Being Ready For A Terror Attack

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Terrorism experts are warning that local and state authorities may not have the training or resources to respond to bioterrorism threats that could produce thousands of casualties.

"Inadequate money is being spent on the threat of biological terrorism," said Dr. Thomas V. Inglesby, an infectious disease specialist at Baltimore's Johns Hopkins School of Medicine.

While the federal government spends about $11 billion each year on counterterrorism, the bulk of that money is allocated to police, fire and intelligence operations.

Of the $260 million allocated to the Department of Health and Human Services, just $40 million was allocated to the 50 states and the District of Columbia in fiscal year 2000 for use by health agencies, said Inglesby.

Potential problems include inadequate hospital capacity and shortages of antibiotics, vaccines and other medications. Local and state officials also need to react more quickly, Inglesby said, to quarantine those initially infected and prevent them from traveling to other communities.

"This problem will not blow up in one city and stay there," said Inglesby, who has written extensively on the use of anthrax, plague and smallpox as biological weapons. "This is a problem that will move."

Since the 1995 bombing of the Alfred P. Murrah Federal building in Oklahoma City and the 1995 sarin gas attack on the Tokyo, Japan, subway system, millions in federal funds have been spent to distribute protective suits and other equipment to the states. But the gear would be of little use against airborne germs or biocontaminants placed in the food or water supply.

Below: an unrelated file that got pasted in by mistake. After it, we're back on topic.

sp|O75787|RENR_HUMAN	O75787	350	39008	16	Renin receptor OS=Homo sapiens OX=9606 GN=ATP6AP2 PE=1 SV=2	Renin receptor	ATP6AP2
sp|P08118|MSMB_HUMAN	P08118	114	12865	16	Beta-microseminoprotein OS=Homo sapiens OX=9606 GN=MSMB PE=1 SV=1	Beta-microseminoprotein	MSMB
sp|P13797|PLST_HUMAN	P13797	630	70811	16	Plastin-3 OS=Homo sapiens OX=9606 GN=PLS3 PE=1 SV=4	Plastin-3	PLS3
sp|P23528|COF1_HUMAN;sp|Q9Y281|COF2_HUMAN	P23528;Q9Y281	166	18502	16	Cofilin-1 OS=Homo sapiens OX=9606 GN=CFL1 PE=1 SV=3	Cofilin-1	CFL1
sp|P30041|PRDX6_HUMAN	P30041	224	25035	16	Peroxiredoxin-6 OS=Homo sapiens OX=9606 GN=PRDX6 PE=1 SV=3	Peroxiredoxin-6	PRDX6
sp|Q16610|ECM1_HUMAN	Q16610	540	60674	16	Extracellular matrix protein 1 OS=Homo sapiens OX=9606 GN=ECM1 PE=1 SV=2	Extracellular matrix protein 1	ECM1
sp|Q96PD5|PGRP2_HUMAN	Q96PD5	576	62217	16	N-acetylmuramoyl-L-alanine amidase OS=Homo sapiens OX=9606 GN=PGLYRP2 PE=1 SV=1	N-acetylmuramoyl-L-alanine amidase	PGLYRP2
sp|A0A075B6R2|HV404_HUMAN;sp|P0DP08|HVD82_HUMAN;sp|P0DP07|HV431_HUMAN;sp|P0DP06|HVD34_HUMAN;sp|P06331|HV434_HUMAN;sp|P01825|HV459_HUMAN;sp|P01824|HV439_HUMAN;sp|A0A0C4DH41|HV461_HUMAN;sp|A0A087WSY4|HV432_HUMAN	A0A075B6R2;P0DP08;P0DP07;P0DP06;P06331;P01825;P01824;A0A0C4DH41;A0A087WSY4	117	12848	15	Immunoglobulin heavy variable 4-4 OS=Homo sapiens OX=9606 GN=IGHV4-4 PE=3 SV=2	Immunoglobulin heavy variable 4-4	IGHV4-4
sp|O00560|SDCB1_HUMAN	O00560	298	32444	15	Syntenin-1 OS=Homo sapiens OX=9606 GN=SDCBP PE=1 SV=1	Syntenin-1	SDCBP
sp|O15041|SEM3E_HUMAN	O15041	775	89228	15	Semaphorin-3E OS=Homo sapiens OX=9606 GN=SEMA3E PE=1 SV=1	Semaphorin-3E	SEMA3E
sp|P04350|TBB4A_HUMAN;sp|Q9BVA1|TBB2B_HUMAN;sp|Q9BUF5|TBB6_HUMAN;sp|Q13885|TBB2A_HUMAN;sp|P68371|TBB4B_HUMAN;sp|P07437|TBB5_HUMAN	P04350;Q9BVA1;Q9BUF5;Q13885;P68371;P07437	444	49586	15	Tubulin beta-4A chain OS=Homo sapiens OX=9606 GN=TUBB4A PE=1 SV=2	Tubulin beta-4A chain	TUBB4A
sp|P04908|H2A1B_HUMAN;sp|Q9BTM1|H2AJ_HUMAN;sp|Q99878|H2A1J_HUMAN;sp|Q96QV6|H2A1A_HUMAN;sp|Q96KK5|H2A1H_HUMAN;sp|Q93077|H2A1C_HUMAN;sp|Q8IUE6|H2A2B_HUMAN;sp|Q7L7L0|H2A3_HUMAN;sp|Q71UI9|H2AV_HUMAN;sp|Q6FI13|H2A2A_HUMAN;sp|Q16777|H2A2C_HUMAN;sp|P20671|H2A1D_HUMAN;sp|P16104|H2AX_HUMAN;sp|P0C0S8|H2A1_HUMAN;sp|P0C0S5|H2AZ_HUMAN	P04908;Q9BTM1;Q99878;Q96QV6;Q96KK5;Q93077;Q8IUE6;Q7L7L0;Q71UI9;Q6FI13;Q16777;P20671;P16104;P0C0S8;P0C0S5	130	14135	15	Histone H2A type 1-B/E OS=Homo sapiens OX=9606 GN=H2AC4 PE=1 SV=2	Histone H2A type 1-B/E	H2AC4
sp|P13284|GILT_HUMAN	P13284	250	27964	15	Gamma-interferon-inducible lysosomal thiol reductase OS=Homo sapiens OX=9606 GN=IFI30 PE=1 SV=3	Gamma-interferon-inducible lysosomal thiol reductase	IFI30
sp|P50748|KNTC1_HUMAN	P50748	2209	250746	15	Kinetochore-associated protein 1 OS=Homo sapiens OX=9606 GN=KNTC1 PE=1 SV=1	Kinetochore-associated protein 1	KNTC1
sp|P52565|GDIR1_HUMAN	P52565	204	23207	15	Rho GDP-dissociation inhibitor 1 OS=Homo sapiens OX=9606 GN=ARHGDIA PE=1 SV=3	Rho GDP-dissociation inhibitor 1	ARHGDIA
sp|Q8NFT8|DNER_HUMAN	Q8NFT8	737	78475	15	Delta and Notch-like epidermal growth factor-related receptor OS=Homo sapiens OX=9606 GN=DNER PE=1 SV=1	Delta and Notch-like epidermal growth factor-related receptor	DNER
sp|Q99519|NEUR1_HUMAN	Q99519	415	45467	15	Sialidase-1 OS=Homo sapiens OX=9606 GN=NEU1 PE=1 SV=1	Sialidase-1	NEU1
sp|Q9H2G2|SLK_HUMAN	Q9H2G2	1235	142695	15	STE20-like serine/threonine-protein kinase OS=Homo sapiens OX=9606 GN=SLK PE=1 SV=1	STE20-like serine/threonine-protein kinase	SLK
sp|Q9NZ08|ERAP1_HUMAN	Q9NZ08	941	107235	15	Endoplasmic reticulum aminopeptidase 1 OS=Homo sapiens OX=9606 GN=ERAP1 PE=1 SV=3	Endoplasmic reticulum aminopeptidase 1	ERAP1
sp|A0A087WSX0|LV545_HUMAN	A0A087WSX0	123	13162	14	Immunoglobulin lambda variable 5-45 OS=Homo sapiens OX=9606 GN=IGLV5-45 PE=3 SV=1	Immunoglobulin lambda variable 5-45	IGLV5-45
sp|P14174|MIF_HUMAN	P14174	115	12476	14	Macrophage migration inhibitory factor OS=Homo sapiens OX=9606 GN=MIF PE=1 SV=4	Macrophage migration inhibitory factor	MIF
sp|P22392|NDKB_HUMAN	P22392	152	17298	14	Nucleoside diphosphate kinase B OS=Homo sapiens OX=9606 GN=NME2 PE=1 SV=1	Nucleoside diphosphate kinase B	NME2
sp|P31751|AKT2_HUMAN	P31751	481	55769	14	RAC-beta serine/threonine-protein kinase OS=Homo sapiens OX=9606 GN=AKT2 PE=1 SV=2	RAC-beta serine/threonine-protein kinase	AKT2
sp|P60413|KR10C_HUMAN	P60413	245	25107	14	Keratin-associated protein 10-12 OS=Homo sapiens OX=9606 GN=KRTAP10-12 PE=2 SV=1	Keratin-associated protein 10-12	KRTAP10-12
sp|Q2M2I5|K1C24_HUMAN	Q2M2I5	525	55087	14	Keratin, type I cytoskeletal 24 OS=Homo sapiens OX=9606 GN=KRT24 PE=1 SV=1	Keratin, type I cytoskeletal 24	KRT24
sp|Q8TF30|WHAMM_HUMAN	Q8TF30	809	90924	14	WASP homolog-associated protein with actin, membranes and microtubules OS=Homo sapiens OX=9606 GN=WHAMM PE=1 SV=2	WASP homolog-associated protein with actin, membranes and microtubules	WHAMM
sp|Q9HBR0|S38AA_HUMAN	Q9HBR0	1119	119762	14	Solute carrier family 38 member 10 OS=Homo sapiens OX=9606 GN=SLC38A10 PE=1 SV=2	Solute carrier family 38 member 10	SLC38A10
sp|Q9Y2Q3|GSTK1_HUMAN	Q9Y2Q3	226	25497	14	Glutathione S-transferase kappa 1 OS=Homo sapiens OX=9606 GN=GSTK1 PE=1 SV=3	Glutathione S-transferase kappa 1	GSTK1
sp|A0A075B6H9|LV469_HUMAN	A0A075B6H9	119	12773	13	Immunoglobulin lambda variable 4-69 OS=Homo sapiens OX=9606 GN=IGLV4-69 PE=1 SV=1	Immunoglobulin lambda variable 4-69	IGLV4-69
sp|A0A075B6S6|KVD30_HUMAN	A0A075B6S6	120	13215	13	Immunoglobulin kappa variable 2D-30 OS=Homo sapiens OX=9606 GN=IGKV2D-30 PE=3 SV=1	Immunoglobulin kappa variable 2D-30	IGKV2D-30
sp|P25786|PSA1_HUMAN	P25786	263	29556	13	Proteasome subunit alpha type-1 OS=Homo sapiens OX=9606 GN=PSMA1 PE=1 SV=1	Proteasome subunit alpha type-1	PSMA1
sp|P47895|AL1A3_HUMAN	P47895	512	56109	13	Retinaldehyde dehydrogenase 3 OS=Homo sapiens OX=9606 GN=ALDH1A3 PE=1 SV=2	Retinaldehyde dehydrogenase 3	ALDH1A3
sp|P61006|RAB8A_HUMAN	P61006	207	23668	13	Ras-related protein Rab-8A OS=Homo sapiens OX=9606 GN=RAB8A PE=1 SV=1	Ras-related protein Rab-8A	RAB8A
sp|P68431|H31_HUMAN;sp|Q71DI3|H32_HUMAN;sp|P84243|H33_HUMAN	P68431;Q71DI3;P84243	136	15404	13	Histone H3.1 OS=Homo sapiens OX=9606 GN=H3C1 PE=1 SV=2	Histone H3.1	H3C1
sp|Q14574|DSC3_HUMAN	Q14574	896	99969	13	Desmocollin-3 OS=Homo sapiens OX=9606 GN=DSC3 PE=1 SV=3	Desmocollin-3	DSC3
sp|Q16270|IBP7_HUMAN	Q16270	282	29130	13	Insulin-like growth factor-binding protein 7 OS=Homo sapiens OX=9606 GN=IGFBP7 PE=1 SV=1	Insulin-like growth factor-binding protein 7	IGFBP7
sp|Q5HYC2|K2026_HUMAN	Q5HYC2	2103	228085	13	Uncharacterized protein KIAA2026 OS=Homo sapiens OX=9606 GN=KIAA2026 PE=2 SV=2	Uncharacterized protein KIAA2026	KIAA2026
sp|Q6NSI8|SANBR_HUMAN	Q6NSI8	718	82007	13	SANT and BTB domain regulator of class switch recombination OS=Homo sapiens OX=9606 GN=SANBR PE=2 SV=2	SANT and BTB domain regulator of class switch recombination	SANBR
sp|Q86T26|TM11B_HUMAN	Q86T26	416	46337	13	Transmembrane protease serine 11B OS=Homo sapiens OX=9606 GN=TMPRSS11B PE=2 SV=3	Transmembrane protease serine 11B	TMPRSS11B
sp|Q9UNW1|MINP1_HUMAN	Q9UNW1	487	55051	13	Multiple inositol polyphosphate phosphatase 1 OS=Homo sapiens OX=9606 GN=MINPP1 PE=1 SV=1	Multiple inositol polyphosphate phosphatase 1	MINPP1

Secretary of Health and Human Services Tommy Thompson Tuesday told state officials to intensify preparations for a possible biological weapons attack, saying an incident was likely at some point.

"Someday we're more than likely going to be hit by some sort of bioterrorism in America," Thompson told a National Governors' Association summit on domestic terrorism.

Thompson stressed that he did not know when or where such an attack would occur, but urged states to do what they could to get ready.

To prepare for the threat, he announced the appointment of Dr. Scott Lillibridge, the former director of bioterrorism preparedness and response at the U.S. Centers for Disease Control and Prevention.

Lillibridge, who will coordinate national response plans, said the threat of bioterrorism was of great concern to national intelligence and security advisers.

"We're concerned enough to shore up this vulnerability," he said.

President Bush's fiscal year 2002 budget proposes an investment in the HHS anti-bioterrorism initiative of $348 million, an 18 percent increase over fiscal year 2001 funding.

The National Governors Association is hosting a two-day public policy summit for safety, health, National Guard and emergency management officials. The National Emergency Management Association is cosponsoring the conference.

On Tuesday, attendee participated in a five-hour exercise in which officials from several states responded to a mock plague attack on the capital of New Aberdeen, a fictitious east coast state in the general vicinity of Delaware. The game was designed to get conference participants to focus on "homeland security," a euphemism for domestic terrorism threats.

The first responders to such incidents would be local police, fire and public health professionals and volunteers, said Gov. Robert E. Wise, D-W.Va. Wise and other governors are calling for county authorities to have access to improved communications equipment and a national terrorism database.


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